Are you newly retired? If so, then read on! There are several issues that the newly retired will confront come tax time, and we want to make sure that you’re prepared. The friendly folks over at MSN Money recently posted some GREAT tips – regarding both perks and potential pitfalls – for those of us entering the retirement stage of our lives…and, of course, we just had to share!
1. STANDARD DEDUCTION – Did you know that, once you turn 65, you’re allowed a bigger standard deduction? For instance, on the 2014 returns a single 64 year old received a standard deduction of $6,200…a 65 year old gets $7,750. Couples with one or both partners age 65 or older also received a larger standard deduction than their younger counterparts.
2. MEDICAL DEDUCTIONS – Until the year 2017, taxpayers over the age of 65 receive a break when it comes to medical expense deduction. For those who itemize, they’ll be able to deduct any medical bills that exceed 7.5% of their adjusted gross income. In comparison, the AGI threshold is 10%.
3. MEDICARE PREMIUMS – If, after retiring, you become self-employed (as a consultant, etc), you can deduct the premiums you pay for Medicare Parts B and D, as well as the cost of any supplemental Medicare policies or the cost of a Medicare Advantage plan. However, you can NOT claim this deduction if you’re eligible to be covered under an employer-subsidized health plan offered by either your employer or that of your spouse’s.
4. SPOUSAL IRA CONTRIBUTION – If you’re at least 50 years old and have a spouse that’s still working, he or she can contribute up to $6,500 annually to an IRA that you own. For traditional IRA’s, spousal contributions are allowed up to age 70 ½. With a Roth IRA, there’s no age limit.
5. TAX PAYMENTS – If you think that after you retire you won’t have to worry about withholdings anymore…well, you’re probably wrong. You see, withholding isn’t only for paychecks – if you receive regular payments from a pension or annuity, the payer will withhold tax (unless you tell them not to). The same is true for withdrawals from an IRA. However, Social Security benefits will not have taxes withheld unless you specifically ask for it.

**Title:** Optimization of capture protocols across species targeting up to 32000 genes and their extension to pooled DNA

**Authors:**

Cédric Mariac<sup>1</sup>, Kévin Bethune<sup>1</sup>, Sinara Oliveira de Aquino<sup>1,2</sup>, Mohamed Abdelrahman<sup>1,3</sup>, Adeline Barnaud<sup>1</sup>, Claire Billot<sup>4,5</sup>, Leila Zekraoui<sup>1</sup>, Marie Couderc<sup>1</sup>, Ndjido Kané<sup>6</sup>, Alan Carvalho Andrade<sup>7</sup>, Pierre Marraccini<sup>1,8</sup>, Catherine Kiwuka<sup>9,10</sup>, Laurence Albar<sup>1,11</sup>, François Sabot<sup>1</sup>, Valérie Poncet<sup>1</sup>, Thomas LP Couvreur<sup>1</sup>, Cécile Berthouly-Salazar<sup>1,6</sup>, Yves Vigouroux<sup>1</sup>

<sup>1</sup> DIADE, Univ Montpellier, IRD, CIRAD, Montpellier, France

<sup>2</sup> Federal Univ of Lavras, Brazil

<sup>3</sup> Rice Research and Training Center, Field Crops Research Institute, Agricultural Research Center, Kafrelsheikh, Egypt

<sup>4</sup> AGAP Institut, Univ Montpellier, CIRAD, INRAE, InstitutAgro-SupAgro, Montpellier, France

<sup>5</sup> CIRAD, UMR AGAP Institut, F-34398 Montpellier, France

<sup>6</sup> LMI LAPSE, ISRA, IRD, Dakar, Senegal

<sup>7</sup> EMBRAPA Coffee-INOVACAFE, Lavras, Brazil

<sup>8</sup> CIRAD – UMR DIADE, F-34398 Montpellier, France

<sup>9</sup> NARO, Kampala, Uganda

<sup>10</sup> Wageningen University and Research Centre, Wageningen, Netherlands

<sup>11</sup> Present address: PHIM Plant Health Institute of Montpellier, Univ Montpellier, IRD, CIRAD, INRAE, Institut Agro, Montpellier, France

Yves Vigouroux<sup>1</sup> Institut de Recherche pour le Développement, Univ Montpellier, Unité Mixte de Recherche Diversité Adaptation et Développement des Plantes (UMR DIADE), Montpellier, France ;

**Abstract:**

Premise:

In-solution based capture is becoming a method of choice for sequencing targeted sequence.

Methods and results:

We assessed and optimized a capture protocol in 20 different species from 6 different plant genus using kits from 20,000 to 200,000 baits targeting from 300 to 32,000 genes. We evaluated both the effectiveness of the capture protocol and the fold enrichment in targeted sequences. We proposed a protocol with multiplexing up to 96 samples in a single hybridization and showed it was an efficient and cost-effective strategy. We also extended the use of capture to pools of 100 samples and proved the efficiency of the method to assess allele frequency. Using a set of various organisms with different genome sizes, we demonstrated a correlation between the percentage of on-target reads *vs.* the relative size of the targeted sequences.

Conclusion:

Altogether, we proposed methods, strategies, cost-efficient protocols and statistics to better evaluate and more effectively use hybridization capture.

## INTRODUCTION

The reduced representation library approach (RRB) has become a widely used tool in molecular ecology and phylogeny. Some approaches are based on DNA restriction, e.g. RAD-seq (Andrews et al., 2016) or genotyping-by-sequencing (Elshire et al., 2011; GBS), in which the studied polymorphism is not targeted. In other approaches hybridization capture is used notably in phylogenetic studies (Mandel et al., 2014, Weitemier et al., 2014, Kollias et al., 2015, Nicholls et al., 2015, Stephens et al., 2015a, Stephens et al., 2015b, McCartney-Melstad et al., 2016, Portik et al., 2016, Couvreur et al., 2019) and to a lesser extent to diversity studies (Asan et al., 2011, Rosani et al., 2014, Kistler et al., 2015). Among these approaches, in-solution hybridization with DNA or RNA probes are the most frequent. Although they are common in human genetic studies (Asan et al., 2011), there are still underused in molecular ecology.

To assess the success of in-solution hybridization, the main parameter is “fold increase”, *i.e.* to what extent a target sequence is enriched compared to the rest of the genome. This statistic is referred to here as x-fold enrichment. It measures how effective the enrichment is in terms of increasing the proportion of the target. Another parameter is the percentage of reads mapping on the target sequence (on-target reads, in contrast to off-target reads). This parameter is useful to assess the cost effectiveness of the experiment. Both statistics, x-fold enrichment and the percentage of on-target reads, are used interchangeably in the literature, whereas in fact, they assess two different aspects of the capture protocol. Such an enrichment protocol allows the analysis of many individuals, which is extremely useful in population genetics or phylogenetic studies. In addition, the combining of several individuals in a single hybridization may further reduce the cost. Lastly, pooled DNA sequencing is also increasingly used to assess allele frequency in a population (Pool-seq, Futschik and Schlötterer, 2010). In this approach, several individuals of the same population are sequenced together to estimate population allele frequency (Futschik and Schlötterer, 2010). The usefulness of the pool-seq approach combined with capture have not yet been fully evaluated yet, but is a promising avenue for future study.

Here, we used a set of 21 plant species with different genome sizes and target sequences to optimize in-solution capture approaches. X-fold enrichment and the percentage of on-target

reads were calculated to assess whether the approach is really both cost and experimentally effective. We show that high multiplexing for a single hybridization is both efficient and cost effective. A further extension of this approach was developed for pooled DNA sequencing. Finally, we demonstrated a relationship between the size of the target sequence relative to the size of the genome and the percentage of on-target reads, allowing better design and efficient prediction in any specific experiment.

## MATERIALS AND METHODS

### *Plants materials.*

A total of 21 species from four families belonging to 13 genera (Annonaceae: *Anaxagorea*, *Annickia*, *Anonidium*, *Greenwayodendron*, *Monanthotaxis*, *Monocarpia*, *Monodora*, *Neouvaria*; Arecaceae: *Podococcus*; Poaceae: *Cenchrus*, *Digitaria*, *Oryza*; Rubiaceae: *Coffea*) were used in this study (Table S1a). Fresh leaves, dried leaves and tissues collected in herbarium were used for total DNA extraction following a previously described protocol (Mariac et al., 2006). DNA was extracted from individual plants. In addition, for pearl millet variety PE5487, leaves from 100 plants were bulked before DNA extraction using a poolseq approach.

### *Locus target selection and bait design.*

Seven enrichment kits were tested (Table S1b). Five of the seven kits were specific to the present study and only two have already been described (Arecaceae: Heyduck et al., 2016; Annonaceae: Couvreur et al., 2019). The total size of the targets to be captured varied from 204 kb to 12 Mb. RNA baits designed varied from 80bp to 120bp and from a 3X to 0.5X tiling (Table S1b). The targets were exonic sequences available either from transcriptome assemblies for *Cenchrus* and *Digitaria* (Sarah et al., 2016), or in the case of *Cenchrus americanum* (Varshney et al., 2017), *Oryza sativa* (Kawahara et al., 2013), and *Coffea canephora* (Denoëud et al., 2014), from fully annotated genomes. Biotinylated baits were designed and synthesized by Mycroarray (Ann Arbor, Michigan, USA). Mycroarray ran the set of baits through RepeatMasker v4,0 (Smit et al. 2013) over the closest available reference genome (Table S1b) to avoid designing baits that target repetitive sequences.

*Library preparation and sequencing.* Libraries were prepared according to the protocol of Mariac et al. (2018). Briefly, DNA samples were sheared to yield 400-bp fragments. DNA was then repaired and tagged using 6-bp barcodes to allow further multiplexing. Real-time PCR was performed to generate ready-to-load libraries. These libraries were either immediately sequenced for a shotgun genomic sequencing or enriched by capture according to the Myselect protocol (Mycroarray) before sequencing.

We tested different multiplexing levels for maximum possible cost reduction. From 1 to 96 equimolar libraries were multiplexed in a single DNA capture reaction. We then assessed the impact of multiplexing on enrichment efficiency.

6. RMD WORKAROUND – If you are at a spot where you don’t need the required minimum distributions from your traditional IRA to live on throughout the year, wait until December to take the money. And, when you do receive it, ask your IRA sponsor to hold back a sizeable amount (enough to cover your estimated tax for you RMD and any other taxable income as well) for the IRS. Why? Because estimated tax payments made from money withheld from an IRA distribution are considered paid throughout the year…even if they’re made in a lump sum at the end of the year. This means that if your RMD is big enough to cover your tax bill, you can keep your money tucked safely away in a tax shelter for the majority of the year…and all while avoiding any underpayment penalties.
7. PENSION PAYOUT TRAP – Receiving a payout from a pension that you plan to put into an IRA? Avoid the triggering of additional taxes by asking your employer to send the money directly to a rollover IRA – as long as the check is made out to your IRA and not you, personally, there will be no withholding. Even if you think you’re going to need some of that cash right away, it’s still a good idea to have your employer pay the IRA directly and then make a withdrawal.
8. GIVING IT AWAY – Did you know that each of us has an estate tax credit large enough to permit to passing of $5.43 million dollars to our heirs? Yep. And, married couples can double that amount. All in all this means that not all that many Americans will need to worry about federal estate tax. However, if you think it’s something that might be in your future, make sure to take advantage of the annual gift tax exclusion. This allows for up to $14,000 to be given each year to any number of people without having to worry about the gift tax. For instance – if you have three married children, and each couple has 2 children, you can give those 12 individuals a total of $168,000 in 2015 without having to file a gift tax return. And, money gifted under the protection of the exclusion can’t be taxed as part of your estate after your death.